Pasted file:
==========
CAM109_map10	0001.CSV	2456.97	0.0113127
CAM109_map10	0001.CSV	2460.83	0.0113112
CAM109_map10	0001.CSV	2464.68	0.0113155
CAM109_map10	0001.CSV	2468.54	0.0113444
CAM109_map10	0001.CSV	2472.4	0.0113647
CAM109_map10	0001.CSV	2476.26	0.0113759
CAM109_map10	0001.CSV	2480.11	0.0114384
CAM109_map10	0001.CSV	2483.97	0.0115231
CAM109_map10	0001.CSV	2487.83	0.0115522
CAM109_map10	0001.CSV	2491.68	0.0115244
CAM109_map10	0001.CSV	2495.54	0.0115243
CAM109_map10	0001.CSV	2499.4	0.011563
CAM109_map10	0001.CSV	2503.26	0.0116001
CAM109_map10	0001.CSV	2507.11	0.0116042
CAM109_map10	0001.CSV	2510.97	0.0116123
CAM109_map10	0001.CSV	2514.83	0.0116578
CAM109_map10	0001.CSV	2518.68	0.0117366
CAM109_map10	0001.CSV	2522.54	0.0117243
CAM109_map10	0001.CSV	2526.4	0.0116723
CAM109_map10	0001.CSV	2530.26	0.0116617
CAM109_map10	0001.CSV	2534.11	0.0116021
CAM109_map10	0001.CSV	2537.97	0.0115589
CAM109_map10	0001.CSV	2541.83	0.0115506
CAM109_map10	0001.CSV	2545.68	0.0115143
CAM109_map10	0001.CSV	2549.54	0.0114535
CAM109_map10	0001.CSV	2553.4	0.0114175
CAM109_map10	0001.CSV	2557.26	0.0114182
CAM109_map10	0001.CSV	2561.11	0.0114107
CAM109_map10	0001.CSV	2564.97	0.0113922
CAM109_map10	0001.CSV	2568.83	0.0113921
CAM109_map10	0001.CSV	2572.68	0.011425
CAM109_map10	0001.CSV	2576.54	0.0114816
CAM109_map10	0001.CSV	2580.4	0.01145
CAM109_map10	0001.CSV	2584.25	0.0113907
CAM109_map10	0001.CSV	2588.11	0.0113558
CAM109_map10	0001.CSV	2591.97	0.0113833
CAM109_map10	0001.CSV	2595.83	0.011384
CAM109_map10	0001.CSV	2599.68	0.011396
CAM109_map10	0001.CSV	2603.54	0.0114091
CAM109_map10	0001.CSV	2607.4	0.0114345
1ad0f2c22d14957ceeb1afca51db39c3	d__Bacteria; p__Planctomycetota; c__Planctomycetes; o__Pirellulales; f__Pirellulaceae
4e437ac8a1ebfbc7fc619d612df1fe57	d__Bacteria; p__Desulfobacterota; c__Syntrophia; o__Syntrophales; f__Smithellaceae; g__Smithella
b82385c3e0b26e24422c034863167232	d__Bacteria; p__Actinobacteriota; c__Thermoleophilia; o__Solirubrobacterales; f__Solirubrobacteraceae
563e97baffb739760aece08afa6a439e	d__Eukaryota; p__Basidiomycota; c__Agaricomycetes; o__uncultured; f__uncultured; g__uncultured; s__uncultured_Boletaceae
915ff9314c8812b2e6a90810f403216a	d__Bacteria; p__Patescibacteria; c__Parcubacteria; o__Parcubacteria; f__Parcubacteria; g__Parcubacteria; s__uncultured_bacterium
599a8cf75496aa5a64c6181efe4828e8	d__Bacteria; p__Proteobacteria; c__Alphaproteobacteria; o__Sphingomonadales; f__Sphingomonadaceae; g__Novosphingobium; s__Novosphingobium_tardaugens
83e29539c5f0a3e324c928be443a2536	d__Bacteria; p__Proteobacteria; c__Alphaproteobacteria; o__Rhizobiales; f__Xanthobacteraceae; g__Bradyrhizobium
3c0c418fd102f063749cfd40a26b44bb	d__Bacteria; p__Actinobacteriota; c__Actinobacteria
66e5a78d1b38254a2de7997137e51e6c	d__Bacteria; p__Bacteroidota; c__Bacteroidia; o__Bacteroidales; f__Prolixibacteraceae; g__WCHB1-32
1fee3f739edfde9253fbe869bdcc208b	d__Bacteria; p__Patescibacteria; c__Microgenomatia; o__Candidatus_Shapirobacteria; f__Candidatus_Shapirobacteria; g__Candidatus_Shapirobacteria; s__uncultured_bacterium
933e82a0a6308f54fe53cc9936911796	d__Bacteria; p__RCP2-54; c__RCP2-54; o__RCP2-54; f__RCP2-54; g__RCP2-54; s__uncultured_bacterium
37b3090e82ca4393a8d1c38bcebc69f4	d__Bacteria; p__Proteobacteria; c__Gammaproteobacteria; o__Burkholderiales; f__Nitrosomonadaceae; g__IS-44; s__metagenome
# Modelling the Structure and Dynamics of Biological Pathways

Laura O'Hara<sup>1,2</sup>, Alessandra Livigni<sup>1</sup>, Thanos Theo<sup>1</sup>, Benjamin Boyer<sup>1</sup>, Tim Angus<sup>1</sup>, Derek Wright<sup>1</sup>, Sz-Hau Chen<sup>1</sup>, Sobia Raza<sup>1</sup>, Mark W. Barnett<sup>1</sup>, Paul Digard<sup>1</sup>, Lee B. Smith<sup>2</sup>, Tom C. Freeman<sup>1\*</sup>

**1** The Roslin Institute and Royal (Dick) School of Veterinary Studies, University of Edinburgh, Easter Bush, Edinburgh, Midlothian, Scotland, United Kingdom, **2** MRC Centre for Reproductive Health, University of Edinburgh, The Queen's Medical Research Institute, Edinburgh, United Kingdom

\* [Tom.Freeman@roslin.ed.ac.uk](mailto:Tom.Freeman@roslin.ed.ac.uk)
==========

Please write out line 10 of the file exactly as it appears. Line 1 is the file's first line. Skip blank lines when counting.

CAM109_map10	0001.CSV	2491.68	0.0115244